67. Lewis TT, Troxel WM, Kravitz HM, Bromberger JT, Matthews KA, Hall MH: Chronic exposure to everyday discrimination and sleep in a multiethnic sample of middle-aged women. Health Psychol. 2013, 32 (7): 810-819.View ArticlePubMedGoogle Scholar
  68. Armstead CA, Lawler KA, Gorden G, Cross J: Relationship of racial stressors to blood pressure responses and anger expression in black college students. Health Psychol. 1989, 8 (5): 541-556.View ArticlePubMedGoogle Scholar
  69. Hartshorn KJ, Whitbeck LB, Hoyt DR: Exploring the relationships of perceived discrimination, anger, and aggression among North American indigenous adolescents. Society and Mental Health. 2012, 2 (1): 1-20.View ArticleGoogle Scholar
  70. Mellor D, Merino ME, Saiz JL, Quilaqueo D: Emotional reactions, coping and long-term consequences of perceived discrimination among the Mapuche people of Chile. J Community Appl Soc. 2009, 19 (6): 473-491.View ArticleGoogle Scholar
  71. Brondolo E, Hausmann LRM, Jhalani J, Pencille M, Atencio-Bacayon J, Kumar A, Kwok J, Ullah J, Roth A, Chen D, et al: Dimensions of perceived racism and self-reported health: examination of racial/ethnic differences and potential mediators. Ann Behav Med. 2012, 42 (1): 14-28.View ArticleGoogle Scholar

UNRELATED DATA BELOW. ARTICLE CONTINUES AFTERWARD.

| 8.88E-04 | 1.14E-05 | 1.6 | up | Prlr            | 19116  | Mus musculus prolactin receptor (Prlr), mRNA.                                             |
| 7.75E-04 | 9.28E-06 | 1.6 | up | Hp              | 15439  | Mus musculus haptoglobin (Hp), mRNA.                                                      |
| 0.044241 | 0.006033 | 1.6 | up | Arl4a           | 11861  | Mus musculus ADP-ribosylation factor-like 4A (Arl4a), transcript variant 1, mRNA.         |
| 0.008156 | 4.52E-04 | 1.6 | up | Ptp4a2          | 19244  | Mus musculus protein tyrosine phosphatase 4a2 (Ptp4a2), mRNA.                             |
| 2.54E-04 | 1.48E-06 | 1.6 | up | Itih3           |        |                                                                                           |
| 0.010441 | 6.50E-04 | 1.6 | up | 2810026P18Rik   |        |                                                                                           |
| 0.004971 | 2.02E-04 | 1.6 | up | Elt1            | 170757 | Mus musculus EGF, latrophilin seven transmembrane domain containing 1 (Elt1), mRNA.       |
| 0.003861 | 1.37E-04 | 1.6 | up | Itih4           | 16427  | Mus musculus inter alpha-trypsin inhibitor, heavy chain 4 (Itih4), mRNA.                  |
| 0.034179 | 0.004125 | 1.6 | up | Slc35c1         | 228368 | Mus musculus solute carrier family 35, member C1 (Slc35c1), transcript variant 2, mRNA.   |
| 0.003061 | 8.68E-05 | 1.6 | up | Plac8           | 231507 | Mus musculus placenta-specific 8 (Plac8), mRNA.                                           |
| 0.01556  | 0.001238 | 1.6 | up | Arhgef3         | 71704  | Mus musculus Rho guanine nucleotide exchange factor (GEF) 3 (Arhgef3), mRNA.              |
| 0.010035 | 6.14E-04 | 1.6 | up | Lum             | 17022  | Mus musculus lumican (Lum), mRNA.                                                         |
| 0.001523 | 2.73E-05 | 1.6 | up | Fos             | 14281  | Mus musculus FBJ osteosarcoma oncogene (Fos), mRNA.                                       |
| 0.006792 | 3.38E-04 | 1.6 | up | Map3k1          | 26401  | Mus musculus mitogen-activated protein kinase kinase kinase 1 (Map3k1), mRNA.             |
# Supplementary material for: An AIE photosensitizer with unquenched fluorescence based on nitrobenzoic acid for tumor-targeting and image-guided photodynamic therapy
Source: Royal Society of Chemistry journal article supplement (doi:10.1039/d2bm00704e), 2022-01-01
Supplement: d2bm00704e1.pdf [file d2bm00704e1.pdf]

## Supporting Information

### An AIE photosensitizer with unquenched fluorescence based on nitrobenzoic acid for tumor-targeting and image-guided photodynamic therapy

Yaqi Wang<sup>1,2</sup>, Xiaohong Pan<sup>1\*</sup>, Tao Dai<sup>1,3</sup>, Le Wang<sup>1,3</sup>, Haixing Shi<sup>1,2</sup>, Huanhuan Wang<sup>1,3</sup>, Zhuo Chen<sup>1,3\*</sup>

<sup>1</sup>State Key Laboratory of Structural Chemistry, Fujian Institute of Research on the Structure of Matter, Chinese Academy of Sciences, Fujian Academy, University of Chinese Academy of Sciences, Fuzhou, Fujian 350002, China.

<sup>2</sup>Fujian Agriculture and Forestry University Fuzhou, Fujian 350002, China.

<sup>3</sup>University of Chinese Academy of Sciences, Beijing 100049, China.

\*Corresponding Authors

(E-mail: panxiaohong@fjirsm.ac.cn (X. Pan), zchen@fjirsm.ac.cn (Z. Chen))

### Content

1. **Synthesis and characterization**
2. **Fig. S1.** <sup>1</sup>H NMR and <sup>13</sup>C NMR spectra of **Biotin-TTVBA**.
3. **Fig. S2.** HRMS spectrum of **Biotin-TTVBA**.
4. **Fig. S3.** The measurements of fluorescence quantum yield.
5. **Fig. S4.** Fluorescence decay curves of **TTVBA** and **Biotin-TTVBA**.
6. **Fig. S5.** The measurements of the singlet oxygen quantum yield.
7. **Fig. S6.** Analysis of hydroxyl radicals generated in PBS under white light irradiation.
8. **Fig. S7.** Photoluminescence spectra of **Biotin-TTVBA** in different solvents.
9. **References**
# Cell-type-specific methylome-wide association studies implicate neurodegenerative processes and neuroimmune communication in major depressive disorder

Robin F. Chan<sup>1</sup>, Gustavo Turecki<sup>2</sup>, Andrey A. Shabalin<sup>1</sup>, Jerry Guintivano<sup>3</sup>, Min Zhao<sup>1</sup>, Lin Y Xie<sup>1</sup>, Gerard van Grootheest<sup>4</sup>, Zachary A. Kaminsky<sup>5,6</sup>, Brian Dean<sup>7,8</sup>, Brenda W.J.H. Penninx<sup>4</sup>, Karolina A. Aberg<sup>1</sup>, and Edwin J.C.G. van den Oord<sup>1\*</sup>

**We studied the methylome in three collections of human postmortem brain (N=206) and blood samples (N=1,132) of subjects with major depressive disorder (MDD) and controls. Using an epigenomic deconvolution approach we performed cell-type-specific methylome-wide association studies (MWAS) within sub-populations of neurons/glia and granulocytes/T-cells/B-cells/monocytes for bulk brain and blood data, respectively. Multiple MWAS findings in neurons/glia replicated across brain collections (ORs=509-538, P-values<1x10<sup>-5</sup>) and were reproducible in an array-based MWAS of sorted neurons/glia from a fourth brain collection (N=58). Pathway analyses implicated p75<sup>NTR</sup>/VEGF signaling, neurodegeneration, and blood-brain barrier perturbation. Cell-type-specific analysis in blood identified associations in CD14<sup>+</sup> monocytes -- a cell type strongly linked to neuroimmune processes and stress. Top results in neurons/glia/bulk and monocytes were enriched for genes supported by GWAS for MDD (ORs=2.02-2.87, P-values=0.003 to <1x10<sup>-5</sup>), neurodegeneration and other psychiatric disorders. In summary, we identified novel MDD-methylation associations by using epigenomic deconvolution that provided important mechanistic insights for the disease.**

72. Bennett GG, Merritt MM, Edwards CL, Sollers JJ: Perceived racism and affective responses to ambiguous interpersonal interactions among African American men. Am Behav Sci. 2004, 47 (7): 963-976.View ArticleGoogle Scholar
  73. Karlsen S, Nazroo JY: Relation between racial discrimination, social class, and health among ethnic minority groups. Am J Public Health. 2002, 92 (4): 624-631.View ArticlePubMedPubMed CentralGoogle Scholar
  74. Karlsen S, Nazroo JY, McKenzie K, Bhui K, Weich S: Racism, psychosis and common mental disorder among ethnic minority groups in England. Psychol Med. 2005, 35 (12): 1795-1803.View ArticlePubMedGoogle Scholar